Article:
Turbulence in the ice shelf–ocean boundary current and its sensitivity to model resolution

Patmore, Ryan D., Holland, Paul R., Vreugdenhil, Catherine A., Jenkins, Adrian and Taylor, John R. (2022) Turbulence in the ice shelf–ocean boundary current and its sensitivity to model resolution. Journal of Physical Oceanography. ISSN 0022-3670 (In Press)

[img]
Preview
Text
ISOBL.pdf - Accepted Version

Download (12MB) | Preview
Official URL: https://doi.org/10.1175/jpo-d-22-0034.1

Abstract

The ice shelf-ocean boundary current has an important control on heat delivery to the base of an ice shelf. Climate and regional models that include a representation of ice shelf cavities often use a coarse grid and results have a strong dependence on resolution near the ice shelf-ocean interface. This study models the ice shelf-ocean boundary current with a non-hydrostatic z-level configuration at turbulence-permitting resolution (1 m). The z-level model performs well when compared against state-of-the-art Large Eddy Simulations showing its capability in representing the correct physics. We showthat theoretical results from a one-dimensional model with parameterised turbulence reproduce the z-level model results to a good degree, indicating possible utility as a turbulence closure. The one-dimensional model evolves to a state of marginal instability and we use the z-level model to demonstrate how this is represented in three-dimensions. Instabilities emerge that regulate the strength of the pycnocline and coexist with persistent Ekman rolls, which are identified prior to the flow becoming intermittently unstable. When resolution of the z-level model is degraded to understand the grid-scale dependencies, the degradation is dominated by the established problem of excessive numerical diffusion. We show that at intermediate resolutions (2-4 m), the boundary layer structure can be partially recovered by tuning diffusivities. Lastly, we compare replacing prescribed melting with interactive melting that is dependent on the local ocean conditions. Interactive melting results in a feedback such that the system evolves more slowly, which is exaggerated at lower resolution.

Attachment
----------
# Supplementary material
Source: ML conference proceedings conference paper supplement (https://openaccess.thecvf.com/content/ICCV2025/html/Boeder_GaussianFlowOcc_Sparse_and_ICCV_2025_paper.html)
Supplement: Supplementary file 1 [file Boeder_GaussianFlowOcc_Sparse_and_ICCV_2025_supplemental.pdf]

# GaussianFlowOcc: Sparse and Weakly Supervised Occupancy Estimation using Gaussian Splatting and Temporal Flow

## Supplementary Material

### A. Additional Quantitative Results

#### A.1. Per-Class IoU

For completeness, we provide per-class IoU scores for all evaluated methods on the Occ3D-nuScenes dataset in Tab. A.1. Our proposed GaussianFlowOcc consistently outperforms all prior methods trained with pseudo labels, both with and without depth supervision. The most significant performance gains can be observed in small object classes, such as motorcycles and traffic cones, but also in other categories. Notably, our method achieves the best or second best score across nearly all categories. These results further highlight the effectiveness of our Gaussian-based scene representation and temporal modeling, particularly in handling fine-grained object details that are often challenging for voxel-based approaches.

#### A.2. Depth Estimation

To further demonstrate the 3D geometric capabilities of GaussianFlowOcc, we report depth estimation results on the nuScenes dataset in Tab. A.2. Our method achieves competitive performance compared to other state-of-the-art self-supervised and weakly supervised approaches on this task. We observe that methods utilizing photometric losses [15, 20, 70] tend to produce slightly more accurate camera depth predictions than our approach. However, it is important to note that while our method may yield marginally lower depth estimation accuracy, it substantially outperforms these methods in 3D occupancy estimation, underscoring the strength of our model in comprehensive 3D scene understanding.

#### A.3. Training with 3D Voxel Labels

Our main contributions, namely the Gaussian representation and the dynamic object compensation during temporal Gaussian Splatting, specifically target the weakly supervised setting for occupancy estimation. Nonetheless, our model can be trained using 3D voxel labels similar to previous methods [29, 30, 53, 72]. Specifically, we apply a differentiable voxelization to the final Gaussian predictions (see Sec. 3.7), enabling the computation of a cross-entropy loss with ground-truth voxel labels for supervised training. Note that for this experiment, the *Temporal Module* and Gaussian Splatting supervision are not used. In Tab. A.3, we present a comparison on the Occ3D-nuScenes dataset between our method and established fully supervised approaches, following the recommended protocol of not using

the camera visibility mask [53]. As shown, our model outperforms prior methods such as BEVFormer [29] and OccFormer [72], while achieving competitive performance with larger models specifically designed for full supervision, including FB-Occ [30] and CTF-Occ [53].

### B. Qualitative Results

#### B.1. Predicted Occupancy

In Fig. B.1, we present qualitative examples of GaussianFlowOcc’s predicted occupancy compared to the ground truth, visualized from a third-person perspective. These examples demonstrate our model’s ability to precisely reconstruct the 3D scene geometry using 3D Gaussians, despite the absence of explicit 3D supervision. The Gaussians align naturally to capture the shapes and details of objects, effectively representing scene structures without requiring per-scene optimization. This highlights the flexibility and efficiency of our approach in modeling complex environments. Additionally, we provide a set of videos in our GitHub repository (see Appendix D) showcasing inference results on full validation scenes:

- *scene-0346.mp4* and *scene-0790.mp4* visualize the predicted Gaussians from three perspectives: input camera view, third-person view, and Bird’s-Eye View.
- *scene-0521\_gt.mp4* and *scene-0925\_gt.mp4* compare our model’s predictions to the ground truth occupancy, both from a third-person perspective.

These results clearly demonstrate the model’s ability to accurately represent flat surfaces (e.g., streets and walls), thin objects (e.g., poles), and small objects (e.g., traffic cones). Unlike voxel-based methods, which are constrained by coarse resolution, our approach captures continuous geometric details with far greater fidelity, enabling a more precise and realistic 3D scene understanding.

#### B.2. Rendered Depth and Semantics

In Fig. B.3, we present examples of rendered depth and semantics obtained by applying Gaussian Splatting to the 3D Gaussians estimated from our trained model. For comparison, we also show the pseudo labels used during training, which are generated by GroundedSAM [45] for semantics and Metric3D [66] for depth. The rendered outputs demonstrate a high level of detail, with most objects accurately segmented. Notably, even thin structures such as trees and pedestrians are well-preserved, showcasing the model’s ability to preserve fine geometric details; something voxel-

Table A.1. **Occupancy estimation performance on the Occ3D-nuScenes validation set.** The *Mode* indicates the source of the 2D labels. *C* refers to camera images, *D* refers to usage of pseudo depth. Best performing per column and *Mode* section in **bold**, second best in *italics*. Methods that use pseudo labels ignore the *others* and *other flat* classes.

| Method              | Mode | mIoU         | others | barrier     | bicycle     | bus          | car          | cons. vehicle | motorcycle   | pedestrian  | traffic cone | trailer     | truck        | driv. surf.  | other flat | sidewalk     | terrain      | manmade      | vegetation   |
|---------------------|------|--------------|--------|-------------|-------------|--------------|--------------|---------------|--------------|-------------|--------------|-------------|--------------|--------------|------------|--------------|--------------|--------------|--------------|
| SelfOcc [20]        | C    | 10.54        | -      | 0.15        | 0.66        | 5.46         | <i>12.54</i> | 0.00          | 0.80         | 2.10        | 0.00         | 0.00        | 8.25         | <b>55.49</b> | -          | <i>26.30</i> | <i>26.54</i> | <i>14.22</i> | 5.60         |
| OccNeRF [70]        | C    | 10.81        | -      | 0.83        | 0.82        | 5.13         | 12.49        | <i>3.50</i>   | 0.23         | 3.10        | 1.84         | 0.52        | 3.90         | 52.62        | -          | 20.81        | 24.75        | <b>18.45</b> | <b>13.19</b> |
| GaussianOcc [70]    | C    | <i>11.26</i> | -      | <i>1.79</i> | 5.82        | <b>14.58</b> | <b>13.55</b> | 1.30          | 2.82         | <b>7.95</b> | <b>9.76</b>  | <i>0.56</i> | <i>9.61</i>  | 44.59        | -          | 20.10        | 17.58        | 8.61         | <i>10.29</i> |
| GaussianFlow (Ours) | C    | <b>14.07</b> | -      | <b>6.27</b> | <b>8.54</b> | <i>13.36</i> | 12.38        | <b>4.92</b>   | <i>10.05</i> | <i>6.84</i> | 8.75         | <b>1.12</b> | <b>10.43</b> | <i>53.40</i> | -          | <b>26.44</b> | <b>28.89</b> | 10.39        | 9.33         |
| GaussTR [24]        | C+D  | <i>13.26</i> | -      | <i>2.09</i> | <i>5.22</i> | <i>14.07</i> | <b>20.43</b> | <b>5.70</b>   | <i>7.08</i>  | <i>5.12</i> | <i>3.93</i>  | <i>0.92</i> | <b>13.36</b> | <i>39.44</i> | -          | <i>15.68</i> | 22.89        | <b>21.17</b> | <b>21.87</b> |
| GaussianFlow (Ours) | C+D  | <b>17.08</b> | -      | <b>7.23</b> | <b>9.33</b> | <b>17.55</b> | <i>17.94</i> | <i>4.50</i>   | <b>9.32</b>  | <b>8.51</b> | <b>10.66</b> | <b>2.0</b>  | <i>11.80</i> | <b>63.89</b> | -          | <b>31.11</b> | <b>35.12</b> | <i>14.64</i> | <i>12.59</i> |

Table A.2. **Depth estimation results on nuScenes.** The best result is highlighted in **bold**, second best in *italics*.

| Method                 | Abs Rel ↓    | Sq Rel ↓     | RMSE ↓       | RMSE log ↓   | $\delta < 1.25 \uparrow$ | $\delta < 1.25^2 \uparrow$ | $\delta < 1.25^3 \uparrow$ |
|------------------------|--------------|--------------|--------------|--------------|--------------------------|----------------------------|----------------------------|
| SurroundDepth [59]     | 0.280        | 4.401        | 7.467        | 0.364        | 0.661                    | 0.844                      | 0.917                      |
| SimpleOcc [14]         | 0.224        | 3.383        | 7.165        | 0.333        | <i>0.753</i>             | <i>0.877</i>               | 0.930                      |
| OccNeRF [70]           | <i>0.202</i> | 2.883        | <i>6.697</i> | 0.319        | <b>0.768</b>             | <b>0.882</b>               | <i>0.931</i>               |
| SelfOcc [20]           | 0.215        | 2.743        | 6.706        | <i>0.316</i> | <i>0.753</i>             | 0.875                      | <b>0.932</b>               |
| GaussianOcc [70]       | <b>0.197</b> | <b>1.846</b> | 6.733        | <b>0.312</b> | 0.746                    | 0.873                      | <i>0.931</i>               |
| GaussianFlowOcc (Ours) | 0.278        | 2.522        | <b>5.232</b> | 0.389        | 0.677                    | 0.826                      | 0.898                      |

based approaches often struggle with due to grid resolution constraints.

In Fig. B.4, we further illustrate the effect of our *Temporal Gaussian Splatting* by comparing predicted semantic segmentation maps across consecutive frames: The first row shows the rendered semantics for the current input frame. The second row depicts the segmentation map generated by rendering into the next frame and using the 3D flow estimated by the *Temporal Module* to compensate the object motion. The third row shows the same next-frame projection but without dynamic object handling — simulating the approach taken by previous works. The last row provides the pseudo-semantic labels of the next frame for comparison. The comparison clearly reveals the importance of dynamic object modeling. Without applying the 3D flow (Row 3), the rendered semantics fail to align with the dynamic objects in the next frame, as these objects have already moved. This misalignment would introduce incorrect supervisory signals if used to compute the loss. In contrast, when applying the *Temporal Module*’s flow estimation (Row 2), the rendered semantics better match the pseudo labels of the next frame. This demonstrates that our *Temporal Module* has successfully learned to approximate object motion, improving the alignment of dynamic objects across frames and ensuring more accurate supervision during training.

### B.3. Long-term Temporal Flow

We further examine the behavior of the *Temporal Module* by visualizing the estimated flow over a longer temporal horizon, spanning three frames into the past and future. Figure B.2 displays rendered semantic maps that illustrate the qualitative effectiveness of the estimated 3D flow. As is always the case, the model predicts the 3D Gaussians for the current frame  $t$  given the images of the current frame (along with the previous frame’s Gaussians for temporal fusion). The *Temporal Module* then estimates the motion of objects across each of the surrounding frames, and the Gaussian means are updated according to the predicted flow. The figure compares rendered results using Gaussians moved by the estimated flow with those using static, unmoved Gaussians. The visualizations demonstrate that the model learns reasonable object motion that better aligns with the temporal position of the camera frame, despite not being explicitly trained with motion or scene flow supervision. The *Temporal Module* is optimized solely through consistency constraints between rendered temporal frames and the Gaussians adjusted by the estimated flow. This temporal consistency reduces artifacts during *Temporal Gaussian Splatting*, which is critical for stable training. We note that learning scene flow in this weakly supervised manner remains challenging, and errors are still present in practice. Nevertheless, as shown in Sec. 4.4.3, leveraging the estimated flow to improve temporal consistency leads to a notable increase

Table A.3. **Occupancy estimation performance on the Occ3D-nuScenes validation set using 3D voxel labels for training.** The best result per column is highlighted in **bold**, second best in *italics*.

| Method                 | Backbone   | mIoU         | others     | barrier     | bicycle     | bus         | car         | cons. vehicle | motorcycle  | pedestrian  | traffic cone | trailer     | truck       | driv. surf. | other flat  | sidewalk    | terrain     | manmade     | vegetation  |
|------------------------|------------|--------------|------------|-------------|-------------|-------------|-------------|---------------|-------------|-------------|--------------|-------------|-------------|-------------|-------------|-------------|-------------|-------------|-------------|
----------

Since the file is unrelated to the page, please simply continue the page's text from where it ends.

Item Type: Article
Additional Information: Funding information: This research was funded by NERC Standard Grant NE/N010027/1.
Subjects: F700 Ocean Sciences
Department: Faculties > Engineering and Environment > Geography and Environmental Sciences
Depositing User: John Coen
Date Deposited: 16 Dec 2022 08:59
Last Modified: 16 Dec 2022 09:00
URI: https://nrl.northumbria.ac.uk/id/eprint/50905

Actions (login required)

View Item View Item

Downloads

Downloads per month over past year

View more statistics